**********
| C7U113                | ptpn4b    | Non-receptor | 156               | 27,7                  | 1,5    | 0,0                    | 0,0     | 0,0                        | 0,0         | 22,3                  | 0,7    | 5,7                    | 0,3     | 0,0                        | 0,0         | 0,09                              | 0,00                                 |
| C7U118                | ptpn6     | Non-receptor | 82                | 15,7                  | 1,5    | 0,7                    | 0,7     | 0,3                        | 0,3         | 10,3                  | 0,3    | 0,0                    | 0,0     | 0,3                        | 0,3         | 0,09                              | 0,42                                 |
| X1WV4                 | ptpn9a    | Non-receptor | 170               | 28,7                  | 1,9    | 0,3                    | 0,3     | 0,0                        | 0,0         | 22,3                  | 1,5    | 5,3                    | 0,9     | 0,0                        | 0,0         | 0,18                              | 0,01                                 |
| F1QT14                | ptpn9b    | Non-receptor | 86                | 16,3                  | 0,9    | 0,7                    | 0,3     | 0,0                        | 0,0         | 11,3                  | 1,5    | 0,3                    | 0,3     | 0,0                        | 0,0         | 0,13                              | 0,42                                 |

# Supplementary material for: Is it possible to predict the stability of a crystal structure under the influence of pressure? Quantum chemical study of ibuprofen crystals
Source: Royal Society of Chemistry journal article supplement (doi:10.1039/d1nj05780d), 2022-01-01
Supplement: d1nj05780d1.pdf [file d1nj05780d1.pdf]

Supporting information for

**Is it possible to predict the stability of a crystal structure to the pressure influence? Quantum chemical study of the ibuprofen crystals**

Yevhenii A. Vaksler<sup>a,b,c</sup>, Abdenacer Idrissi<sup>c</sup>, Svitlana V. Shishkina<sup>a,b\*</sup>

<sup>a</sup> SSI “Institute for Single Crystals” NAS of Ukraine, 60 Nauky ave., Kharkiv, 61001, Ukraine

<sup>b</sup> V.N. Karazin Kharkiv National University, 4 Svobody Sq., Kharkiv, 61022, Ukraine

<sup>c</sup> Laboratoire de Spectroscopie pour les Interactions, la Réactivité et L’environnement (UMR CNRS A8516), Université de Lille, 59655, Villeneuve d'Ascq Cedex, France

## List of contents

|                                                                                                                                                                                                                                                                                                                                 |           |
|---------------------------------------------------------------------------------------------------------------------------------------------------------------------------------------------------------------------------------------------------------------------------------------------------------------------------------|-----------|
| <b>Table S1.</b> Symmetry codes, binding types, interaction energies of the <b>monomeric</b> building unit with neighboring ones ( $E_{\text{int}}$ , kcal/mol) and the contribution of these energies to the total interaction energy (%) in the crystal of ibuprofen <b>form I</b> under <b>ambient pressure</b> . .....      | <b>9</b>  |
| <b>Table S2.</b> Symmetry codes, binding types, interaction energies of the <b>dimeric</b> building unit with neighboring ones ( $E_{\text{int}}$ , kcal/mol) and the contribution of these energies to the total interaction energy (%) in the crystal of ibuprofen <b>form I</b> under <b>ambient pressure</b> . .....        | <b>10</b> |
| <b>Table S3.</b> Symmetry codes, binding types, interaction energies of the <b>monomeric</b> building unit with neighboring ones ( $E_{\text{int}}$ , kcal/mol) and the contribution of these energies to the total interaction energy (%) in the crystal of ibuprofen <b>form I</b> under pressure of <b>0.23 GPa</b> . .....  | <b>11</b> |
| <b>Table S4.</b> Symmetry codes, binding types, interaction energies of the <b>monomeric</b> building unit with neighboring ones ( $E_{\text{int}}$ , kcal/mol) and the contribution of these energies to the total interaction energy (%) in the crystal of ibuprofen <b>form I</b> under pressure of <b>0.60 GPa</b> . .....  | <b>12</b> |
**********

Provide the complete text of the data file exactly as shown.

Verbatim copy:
| C7U113                | ptpn4b    | Non-receptor | 156               | 27,7                  | 1,5    | 0,0                    | 0,0     | 0,0                        | 0,0         | 22,3                  | 0,7    | 5,7                    | 0,3     | 0,0                        | 0,0         | 0,09                              | 0,00                                 |
| C7U118                | ptpn6     | Non-receptor | 82                | 15,7                  | 1,5    | 0,7                    | 0,7     | 0,3                        | 0,3         | 10,3                  | 0,3    | 0,0                    | 0,0     | 0,3                        | 0,3         | 0,09                              | 0,42                                 |
| X1WV4                 | ptpn9a    | Non-receptor | 170               | 28,7                  | 1,9    | 0,3                    | 0,3     | 0,0                        | 0,0         | 22,3                  | 1,5    | 5,3                    | 0,9     | 0,0                        | 0,0         | 0,18                              | 0,01                                 |
| F1QT14                | ptpn9b    | Non-receptor | 86                | 16,3                  | 0,9    | 0,7                    | 0,3     | 0,0                        | 0,0         | 11,3                  | 1,5    | 0,3                    | 0,3     | 0,0                        | 0,0         | 0,13                              | 0,42                                 |

# Supplementary material for: Is it possible to predict the stability of a crystal structure under the influence of pressure? Quantum chemical study of ibuprofen crystals
Source: Royal Society of Chemistry journal article supplement (doi:10.1039/d1nj05780d), 2022-01-01
Supplement: d1nj05780d1.pdf [file d1nj05780d1.pdf]

Supporting information for

**Is it possible to predict the stability of a crystal structure to the pressure influence? Quantum chemical study of the ibuprofen crystals**

Yevhenii A. Vaksler<sup>a,b,c</sup>, Abdenacer Idrissi<sup>c</sup>, Svitlana V. Shishkina<sup>a,b\*</sup>

<sup>a</sup> SSI “Institute for Single Crystals” NAS of Ukraine, 60 Nauky ave., Kharkiv, 61001, Ukraine

<sup>b</sup> V.N. Karazin Kharkiv National University, 4 Svobody Sq., Kharkiv, 61022, Ukraine

<sup>c</sup> Laboratoire de Spectroscopie pour les Interactions, la Réactivité et L’environnement (UMR CNRS A8516), Université de Lille, 59655, Villeneuve d'Ascq Cedex, France

## List of contents

|                                                                                                                                                                                                                                                                                                                                 |           |
|---------------------------------------------------------------------------------------------------------------------------------------------------------------------------------------------------------------------------------------------------------------------------------------------------------------------------------|-----------|
| <b>Table S1.</b> Symmetry codes, binding types, interaction energies of the <b>monomeric</b> building unit with neighboring ones ( $E_{\text{int}}$ , kcal/mol) and the contribution of these energies to the total interaction energy (%) in the crystal of ibuprofen <b>form I</b> under <b>ambient pressure</b> . .....      | <b>9</b>  |
| <b>Table S2.</b> Symmetry codes, binding types, interaction energies of the <b>dimeric</b> building unit with neighboring ones ( $E_{\text{int}}$ , kcal/mol) and the contribution of these energies to the total interaction energy (%) in the crystal of ibuprofen <b>form I</b> under <b>ambient pressure</b> . .....        | <b>10</b> |
| <b>Table S3.</b> Symmetry codes, binding types, interaction energies of the <b>monomeric</b> building unit with neighboring ones ( $E_{\text{int}}$ , kcal/mol) and the contribution of these energies to the total interaction energy (%) in the crystal of ibuprofen <b>form I</b> under pressure of <b>0.23 GPa</b> . .....  | <b>11</b> |
| <b>Table S4.</b> Symmetry codes, binding types, interaction energies of the <b>monomeric</b> building unit with neighboring ones ( $E_{\text{int}}$ , kcal/mol) and the contribution of these energies to the total interaction energy (%) in the crystal of ibuprofen <b>form I</b> under pressure of <b>0.60 GPa</b> . .....  | <b>12</b> |